**Important Note: **This article is part of the series in which TechReport.us discuss theory of Video Stream Matching.

*This step performs the following: *

*From*

input video(s) extracted the frames, which are called mean frames.

*These*

mean frames are store on hard disk, used for decision making.

*Extract*

the features from mean frames.

**3.2
Stages of Image Analysis**

*Image
analysis starts from input and last step before Computer vision
process. *

**3.2.1
Preprocessing **

*When video get as input. It may source video or target video it consists on huge number of frames. Processing of these all frames is not possible. Because it required high processing speed and very fast systems. So only mean frames (Key Frames) takes for processing.*

**3.2.2
Mean frames**

*Key
frame is the old terminology. Now it is replacing by mean frame. Pre
processing is required to select only use full frame. For this select
only those frames which representing a clip uniquely. For this
extract the key frame or mean frame from video. Which posses the same
distribution as whole clip or near to it.[6]*

*So
mean frame selected first by using different mean frame extraction
method. *

**3.2.2.1
Mean Frame Extraction **

*When
video came as input, then system first read that video from desired
location then save it on drive. Now select a feature which has the
ability to define the frame uniquely.[6] *

*That
feature will be help full in classification process. In that system
select the histogram. *

**3.2.2.1.1
Histogram Feature **

*The
histogram is applied on frames in the form of tiles. First divide the
image in number of tiles which are not over lapping then calculate
the histogram for each tile. After calculating the histogram store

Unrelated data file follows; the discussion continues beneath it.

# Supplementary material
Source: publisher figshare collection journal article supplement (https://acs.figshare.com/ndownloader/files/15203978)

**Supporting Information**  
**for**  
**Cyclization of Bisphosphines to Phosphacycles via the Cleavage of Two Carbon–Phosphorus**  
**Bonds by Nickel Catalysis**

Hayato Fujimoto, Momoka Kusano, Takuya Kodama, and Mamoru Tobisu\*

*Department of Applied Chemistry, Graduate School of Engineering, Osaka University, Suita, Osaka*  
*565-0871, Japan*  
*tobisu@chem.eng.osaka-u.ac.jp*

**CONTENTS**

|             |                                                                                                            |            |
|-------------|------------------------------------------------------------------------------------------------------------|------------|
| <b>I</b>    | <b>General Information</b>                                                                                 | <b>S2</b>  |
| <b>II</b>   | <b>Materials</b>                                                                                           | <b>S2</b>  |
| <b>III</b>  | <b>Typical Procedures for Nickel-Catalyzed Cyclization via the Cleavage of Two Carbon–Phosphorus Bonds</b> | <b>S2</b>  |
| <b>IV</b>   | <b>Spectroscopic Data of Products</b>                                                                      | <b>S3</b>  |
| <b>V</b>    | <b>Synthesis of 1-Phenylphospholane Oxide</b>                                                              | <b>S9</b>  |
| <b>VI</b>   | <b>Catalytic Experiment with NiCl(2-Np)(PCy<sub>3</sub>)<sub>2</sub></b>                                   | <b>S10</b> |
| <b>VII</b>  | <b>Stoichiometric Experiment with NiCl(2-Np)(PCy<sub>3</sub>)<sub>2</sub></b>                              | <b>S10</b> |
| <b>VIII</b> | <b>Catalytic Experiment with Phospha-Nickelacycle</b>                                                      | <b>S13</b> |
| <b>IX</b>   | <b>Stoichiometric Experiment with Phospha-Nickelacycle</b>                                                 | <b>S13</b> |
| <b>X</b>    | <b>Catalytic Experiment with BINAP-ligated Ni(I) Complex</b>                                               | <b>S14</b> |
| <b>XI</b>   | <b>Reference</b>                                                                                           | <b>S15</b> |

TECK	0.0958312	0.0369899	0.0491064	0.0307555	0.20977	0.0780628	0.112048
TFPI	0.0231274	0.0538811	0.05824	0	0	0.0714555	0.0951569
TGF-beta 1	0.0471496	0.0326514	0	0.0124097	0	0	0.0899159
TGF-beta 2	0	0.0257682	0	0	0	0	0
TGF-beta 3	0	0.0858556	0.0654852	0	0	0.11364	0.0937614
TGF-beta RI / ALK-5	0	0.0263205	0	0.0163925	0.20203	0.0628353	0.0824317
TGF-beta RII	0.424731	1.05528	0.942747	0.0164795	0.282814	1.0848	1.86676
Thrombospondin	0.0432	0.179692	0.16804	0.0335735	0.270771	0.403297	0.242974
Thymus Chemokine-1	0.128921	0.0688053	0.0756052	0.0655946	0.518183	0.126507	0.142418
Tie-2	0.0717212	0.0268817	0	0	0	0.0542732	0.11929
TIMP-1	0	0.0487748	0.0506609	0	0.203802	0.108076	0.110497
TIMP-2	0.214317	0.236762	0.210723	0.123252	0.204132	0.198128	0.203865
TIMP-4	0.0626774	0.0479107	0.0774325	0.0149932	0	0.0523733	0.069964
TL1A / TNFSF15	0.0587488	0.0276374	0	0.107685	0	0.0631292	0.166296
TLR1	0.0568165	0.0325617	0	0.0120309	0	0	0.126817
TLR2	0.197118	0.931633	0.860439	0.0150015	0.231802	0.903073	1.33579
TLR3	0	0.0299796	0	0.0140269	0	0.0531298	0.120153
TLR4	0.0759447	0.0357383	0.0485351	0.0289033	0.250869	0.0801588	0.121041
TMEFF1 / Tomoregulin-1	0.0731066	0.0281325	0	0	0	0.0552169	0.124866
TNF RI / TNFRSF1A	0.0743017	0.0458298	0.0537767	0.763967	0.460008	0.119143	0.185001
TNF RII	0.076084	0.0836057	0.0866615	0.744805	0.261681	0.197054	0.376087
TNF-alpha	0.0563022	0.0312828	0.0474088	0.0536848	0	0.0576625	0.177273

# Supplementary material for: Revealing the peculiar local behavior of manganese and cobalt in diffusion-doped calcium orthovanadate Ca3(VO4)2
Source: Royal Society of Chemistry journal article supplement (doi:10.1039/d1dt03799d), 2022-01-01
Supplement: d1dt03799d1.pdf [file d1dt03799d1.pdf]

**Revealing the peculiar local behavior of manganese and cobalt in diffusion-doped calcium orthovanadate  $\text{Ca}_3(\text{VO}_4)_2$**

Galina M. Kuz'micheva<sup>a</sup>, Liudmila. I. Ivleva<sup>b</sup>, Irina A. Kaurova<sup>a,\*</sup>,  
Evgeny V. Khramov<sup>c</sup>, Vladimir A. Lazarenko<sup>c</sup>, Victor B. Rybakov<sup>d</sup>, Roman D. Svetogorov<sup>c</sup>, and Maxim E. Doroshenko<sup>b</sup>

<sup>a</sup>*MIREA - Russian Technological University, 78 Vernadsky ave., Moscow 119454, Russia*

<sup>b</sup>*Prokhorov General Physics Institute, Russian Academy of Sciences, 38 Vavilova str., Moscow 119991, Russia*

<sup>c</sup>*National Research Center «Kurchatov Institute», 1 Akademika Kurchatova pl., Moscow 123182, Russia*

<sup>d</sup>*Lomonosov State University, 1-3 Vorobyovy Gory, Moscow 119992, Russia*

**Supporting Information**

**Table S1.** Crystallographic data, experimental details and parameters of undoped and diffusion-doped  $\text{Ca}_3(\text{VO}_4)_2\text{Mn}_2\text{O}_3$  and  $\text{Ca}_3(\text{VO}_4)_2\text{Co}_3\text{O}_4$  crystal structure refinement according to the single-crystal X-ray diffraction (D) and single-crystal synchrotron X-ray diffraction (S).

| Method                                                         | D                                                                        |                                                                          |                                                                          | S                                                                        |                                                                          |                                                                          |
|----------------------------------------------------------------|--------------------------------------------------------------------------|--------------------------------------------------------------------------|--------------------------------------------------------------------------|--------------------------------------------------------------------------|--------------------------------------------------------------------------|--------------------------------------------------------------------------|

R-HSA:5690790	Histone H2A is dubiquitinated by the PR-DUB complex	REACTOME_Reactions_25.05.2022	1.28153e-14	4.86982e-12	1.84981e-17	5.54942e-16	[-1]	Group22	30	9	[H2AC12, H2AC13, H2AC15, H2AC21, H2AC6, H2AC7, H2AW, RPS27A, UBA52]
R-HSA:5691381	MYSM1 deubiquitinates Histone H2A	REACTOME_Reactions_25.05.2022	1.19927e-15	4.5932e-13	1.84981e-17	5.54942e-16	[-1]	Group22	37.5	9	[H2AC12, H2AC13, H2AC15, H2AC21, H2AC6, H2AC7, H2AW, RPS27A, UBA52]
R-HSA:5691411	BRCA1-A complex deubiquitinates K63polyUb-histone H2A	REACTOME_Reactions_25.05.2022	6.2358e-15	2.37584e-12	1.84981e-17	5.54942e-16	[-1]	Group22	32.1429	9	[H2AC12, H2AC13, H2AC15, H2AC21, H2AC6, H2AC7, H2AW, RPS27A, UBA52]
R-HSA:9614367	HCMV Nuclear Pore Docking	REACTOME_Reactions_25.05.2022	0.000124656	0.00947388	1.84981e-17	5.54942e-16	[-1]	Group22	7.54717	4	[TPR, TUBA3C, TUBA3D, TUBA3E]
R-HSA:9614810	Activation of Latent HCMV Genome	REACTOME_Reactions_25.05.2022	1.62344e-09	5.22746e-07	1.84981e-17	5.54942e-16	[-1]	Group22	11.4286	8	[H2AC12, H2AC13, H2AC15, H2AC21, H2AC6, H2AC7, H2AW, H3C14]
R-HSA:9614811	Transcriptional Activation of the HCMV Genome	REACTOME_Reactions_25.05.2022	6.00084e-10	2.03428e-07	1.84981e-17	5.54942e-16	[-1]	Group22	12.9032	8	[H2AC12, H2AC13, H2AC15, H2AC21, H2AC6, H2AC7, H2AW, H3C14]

its values in column form. Each tile placed its values in one column
respectively. [7, 8]*

*Histogram
is calculated of an image in gray scale therefore it has 256 possible
values which need to be reduced. These values can be reduced by
selecting a use full bin number. *

*Bin
number is the value which shows in how many part total intensity
spectrum divided. This value is in the power of two. It reduced the
number of data values and this is first step towards data reduction.*

**Mathematically***:
*

*B
= number of bins .*

*I
= number of intensity levels . *

*WB
= Each window values *

*WB
= I/B*

*For
Number of possible windows per image must be in ideal form. Ideal
form means image rows and columns are in the power of two. If image
is not in the power of two then first convert it in to the power of
two after that other processing start.*

*If
rows % 2 == 0 and cols % 2 == 0*

*Then
*

*Continue
processing*

*Else
*

*Apply
Padding.*

*Number
of Tiles per image is depends on the size of Tile. Size of the window
also must be in the power of two. Like 2, 4, 8, 16, 32.*

*Greater
the size of window Lower the quality of information. Smaller the size
of window, greater the processing time. So this must be a suitable
selection *

*WN
= Number of windows *

*R
= number of Rows of image *

*C
= Number of Columns of image*

*SxS
= size of each window *

*WN
= ( R * C ) / S*^{2 }

*So
total number of elements per feature vector is *

*TVH
= Number of elements of feature vector*

*TVH
= WN * WB *

*In
this system data is sent back to caller module only in one column
form.*

*For
classification or for decision making like which frame needs to keep
or which frame no needs to keep, KS Test apply. [9]*

**3.2.2.2